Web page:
The following times are based on an oven preheated to 325 F. Use shorter cooking times for wild turkey so it doesn’t dry out.
WEIGHT (pounds) UNSTUFFED (hours) STUFFED (hours)
4 to 6 (breasts) 1½ to 2¼ —–
6 to 8 2¼ to 3¼ 3 to 3¼
8 to 12 3 to 4 3½ to 4½
12 to 16 3½ to 4½ 4½ to 5½
16 to 20 4 to 5 5½ to 6½
20 to 24 4½ to 5½ 6½ to 7
24 to 28 5 to 6½ 7 to 8½
Drumsticks/thighs 2 to 3½ ——-
3) The Gourmet — Turkey Wellington with Mushroom Cream Sauce
For the hunter and chef that want to take his T-day meal to another level, meet Pat LaFrieda of New York’s Pat LaFrieda Meat Purveyors. His family has been slicing steaks since 1922. Here’s what he had to say on his favorite wild turkey recipe:
“I love cooking Beef Wellington with fillets. Since the fillet does not have much fat content, the puff pastry is perfect with it. Wild Turkey also is lean so I adapted the recipe to work with it. I’ve been a successful wild turkey hunter and always felt that the entire bird is delicious. That being said, many hunters do not utilize the legs. That is a huge mistake. If the meat is roasted and then pulled, the entire bird is worthy of eating, especially the legs.”
• 2 tablespoons extra-virgin olive oil
• 2 tablespoons unsalted butter
• 1 pound mixed mushrooms (such as cremini, shiitake, and white), wiped clean, stems discarded, finely chopped
• Heaping 1/4 cup finely diced shallots (about 2 medium)
• 1/2 teaspoon kosher salt plus more to taste
• 1/4 teaspoon freshly ground black pepper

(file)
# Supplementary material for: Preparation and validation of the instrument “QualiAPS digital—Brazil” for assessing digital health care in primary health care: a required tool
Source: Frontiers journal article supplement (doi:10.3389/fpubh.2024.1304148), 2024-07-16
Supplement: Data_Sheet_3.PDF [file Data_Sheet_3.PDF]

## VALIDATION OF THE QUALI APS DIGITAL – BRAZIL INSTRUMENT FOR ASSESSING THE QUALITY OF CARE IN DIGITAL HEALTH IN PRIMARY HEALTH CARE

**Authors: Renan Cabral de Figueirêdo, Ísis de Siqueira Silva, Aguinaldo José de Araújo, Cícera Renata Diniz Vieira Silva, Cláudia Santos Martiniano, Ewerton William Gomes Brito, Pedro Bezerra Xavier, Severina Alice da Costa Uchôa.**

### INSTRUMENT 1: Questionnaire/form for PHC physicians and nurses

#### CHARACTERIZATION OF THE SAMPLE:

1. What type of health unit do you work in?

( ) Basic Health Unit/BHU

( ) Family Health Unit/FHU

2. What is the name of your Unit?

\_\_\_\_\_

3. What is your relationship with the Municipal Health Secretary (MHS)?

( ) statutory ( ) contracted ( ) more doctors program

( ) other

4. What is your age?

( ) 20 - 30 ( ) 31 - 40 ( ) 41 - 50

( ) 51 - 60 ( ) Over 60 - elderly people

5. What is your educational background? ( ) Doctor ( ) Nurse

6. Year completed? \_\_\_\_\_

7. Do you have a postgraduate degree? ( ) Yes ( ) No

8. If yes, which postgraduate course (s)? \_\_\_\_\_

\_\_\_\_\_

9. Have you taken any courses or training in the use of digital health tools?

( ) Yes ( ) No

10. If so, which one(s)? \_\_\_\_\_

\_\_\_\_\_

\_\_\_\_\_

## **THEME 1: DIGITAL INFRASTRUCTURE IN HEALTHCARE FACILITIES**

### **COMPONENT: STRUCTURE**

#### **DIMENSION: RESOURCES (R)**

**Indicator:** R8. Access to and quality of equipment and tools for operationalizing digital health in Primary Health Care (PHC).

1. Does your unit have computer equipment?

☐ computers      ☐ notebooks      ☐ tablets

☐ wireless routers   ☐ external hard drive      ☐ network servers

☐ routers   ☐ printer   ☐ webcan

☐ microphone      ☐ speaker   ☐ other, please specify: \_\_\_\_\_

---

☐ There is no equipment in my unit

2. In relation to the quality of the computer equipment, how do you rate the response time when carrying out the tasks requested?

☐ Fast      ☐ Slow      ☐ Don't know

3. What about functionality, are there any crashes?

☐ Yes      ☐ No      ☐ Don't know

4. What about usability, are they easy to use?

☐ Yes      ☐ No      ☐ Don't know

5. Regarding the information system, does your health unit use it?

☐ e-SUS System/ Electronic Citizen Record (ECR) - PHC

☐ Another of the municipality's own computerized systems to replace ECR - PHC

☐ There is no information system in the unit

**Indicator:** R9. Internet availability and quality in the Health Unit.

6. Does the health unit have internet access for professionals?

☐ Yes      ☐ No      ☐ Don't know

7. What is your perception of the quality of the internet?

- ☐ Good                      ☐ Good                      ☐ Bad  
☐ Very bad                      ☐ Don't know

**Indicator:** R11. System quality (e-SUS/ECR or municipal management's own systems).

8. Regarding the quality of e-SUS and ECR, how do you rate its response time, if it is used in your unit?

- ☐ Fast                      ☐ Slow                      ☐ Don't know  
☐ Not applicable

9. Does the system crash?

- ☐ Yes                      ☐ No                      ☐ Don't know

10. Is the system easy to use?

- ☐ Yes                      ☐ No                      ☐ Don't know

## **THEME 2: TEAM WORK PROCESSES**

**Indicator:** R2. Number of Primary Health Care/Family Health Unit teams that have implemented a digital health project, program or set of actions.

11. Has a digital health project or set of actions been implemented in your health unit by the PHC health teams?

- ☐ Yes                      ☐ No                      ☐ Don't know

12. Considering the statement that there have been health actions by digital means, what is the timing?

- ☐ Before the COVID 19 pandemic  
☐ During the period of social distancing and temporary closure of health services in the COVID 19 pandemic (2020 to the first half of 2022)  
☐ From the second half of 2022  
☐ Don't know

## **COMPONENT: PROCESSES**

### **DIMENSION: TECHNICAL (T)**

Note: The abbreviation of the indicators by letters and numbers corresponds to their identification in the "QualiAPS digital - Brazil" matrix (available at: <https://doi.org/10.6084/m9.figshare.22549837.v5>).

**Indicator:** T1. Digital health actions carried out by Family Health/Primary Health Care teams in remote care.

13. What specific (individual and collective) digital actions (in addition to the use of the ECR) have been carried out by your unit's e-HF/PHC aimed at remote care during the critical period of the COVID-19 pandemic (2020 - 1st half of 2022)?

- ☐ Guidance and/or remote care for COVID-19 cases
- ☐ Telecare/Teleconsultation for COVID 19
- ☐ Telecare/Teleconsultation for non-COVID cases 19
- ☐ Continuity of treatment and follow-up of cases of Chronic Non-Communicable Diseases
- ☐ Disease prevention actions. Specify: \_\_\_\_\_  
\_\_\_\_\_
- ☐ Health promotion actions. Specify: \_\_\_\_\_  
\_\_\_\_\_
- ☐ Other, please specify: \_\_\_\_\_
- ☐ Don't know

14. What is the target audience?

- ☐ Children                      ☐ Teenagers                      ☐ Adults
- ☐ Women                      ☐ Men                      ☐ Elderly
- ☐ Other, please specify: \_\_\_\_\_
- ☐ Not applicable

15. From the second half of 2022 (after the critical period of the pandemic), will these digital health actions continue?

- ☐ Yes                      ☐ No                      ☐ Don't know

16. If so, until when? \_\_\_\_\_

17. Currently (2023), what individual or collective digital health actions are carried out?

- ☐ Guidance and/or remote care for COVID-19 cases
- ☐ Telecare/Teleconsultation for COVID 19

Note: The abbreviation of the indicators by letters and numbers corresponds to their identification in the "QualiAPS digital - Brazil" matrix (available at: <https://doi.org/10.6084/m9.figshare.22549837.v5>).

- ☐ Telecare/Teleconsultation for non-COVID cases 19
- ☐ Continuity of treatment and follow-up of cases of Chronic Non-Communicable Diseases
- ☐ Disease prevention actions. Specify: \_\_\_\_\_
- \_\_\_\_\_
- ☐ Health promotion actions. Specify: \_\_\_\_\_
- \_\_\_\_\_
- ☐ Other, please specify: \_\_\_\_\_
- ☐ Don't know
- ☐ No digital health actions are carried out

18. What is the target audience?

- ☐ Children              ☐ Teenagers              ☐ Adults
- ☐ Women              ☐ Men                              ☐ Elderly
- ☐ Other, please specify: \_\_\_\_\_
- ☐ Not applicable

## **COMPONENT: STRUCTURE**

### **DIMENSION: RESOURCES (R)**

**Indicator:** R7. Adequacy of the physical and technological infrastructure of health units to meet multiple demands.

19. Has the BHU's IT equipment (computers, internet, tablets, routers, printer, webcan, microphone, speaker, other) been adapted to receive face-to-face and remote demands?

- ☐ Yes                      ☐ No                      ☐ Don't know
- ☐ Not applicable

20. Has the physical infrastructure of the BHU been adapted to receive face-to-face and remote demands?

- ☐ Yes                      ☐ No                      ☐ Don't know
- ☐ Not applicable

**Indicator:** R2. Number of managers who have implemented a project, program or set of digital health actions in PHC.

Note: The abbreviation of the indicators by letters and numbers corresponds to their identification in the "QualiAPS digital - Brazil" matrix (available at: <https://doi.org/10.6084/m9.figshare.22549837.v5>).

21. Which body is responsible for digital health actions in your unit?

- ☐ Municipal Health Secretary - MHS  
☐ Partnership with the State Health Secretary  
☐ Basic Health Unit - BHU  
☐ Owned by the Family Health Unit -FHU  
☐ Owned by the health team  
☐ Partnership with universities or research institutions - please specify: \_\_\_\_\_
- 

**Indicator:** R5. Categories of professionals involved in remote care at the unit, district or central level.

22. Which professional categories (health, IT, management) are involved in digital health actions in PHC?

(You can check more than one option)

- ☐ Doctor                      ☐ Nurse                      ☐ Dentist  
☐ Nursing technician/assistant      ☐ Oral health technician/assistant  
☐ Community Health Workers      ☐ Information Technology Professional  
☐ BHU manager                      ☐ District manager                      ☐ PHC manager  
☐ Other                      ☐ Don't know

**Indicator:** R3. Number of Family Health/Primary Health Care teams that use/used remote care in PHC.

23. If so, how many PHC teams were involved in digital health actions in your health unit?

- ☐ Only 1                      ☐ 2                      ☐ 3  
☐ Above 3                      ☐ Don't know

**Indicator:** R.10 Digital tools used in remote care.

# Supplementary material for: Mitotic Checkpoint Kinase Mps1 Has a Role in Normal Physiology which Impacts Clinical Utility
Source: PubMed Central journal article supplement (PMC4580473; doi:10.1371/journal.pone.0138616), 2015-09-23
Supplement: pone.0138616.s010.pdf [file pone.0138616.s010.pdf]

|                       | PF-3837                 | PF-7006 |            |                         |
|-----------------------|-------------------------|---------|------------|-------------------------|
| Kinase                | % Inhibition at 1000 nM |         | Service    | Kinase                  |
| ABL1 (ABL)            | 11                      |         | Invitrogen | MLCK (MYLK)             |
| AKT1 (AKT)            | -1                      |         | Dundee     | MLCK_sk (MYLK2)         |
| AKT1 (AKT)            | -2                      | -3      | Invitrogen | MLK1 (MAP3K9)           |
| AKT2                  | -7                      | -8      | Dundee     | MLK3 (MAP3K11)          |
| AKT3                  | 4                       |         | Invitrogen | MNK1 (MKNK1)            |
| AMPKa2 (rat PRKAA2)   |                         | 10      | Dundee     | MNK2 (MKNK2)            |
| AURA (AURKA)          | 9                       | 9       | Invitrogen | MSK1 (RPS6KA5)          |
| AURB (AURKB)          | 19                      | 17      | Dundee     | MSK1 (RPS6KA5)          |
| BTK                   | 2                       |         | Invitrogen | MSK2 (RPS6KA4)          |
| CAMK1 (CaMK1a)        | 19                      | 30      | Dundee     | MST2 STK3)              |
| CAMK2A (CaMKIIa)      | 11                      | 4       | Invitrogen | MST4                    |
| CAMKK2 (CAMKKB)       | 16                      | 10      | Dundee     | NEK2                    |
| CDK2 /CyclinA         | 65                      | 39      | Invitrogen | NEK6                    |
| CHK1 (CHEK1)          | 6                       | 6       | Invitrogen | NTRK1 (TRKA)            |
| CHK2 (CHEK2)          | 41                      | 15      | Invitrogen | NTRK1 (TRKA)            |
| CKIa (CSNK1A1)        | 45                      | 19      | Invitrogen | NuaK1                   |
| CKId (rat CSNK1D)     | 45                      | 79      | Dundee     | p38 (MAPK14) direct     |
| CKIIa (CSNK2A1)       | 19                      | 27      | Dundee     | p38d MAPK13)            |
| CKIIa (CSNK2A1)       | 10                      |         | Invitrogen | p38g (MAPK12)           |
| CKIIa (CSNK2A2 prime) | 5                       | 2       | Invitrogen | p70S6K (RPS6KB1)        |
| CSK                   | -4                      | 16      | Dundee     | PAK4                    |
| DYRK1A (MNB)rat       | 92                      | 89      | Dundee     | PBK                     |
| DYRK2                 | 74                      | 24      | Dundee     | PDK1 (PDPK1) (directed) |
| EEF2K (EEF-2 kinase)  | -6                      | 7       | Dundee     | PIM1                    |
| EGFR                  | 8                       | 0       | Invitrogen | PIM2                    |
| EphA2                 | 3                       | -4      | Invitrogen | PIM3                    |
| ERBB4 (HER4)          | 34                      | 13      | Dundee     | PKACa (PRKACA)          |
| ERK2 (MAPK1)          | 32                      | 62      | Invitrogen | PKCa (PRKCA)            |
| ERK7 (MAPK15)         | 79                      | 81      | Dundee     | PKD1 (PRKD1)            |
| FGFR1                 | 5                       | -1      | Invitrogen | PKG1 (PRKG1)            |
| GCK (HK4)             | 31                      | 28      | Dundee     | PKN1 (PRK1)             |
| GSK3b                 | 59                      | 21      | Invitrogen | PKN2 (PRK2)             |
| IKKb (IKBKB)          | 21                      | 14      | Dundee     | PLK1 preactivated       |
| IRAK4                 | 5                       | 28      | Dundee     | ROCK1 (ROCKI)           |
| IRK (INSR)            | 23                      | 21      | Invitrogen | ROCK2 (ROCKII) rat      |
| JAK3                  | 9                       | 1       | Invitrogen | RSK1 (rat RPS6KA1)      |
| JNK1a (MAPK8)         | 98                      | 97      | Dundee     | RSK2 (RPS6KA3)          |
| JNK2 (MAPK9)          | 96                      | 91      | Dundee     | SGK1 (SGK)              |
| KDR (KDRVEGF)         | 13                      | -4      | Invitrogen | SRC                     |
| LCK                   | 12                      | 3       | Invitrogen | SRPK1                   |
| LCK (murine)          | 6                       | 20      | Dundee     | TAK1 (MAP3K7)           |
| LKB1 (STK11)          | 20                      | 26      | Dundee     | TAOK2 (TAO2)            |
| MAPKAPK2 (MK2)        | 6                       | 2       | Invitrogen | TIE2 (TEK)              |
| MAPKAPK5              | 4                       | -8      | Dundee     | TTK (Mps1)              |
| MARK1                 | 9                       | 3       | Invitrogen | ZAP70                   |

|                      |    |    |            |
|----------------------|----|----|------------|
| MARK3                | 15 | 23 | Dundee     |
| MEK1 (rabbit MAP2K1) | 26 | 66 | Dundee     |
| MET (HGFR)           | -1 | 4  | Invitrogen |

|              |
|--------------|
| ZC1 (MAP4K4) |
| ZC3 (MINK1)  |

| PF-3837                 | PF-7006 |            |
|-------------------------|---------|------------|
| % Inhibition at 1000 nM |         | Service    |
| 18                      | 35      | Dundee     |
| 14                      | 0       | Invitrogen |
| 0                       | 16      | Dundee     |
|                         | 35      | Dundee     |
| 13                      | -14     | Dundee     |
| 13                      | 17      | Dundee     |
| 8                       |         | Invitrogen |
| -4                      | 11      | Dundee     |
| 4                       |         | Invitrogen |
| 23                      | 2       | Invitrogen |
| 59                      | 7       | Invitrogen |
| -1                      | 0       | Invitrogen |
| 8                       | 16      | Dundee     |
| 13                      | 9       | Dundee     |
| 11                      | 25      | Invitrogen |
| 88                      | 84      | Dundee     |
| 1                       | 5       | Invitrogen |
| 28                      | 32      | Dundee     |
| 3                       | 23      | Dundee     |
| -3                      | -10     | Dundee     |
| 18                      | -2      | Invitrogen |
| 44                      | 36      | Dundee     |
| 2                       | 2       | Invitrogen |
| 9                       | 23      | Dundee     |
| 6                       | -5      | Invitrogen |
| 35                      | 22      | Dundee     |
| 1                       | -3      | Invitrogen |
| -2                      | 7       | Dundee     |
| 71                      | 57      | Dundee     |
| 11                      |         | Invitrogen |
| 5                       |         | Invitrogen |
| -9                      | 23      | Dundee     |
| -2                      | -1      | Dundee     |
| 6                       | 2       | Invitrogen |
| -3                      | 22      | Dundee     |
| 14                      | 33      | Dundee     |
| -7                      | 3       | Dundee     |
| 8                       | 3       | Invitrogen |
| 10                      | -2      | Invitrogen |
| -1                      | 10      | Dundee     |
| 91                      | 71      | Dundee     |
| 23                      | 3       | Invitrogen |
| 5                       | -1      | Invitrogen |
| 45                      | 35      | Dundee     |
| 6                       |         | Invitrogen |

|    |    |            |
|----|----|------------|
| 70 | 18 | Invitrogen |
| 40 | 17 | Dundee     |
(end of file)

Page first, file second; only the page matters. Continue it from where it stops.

• Heaping 1 tablespoon minced fresh sage leaves
• 2 teaspoons truffle oil (optional)
• 1 pound pulled turkey leftovers
• 2 teaspoons kosher salt
• 1/2 teaspoons freshly ground black pepper
• 1 tablespoon canola or another neutral-flavored oil
• 1 box (17 ounces) frozen puff pastry
• 2 (8-inch) flour tortillas
• All-purpose flour, for dusting
• 2 large eggs
• 1 cup heavy cream
For the mushrooms: in a large skillet, heat the olive oil and butter over medium-high heat for about 2 minutes, until the fats slide easily in the pan. Add the mushrooms and cook until they begin to wilt and brown slightly, 12 to 15 minutes. Add the shallots, salt, and pepper. Reduce the heat to medium and cook until the shallots are softened, about 5 minutes. Remove from the heat, stir in the sage and truffle oil (if using), and season with more salt to taste. Set the pan aside for the mushrooms to cool to room temperature.
Take the puff pastry out of the freezer and out of its package and let it sit at room temperature for 5 minutes before working with it.
Fold each tortilla into quarters. Unfold them and use the 2 1/2-inch biscuit cutter to cut on round from each quadrant. Use a 1/2-inch aspic cutter to cut a small hole in the centers of 4 of the tortilla rounds to create a vent (or use a paring knife to cut an “X”. Set the tortilla rounds aside.
Dust a work surface with flour and lay a sheet of puff pastry down. Use a 6-inch metal ring to cut out a large round. (You can also use a bowl with a 6-inch diameter as a guide and cut it out using a paring knife.) Cut a second 6-inch round out of that sheet. Then use the 3 1/2-inch cutter to cut 2 rounds out of the same sheet. Repeat with the second sheet of puff pastry for a total of 4 rounds of each size. Use the 1/2-inch aspic cutter to cut a hole in the center of each of the smaller rounds to create a vent (or cut an “W” in the pastry with a paring knife). Put the smaller rounds on a baking sheet or parchment paper and put them in the refrigerator while you assemble the Wellingtons. Put the larger rounds on a parchment-lined baking sheet.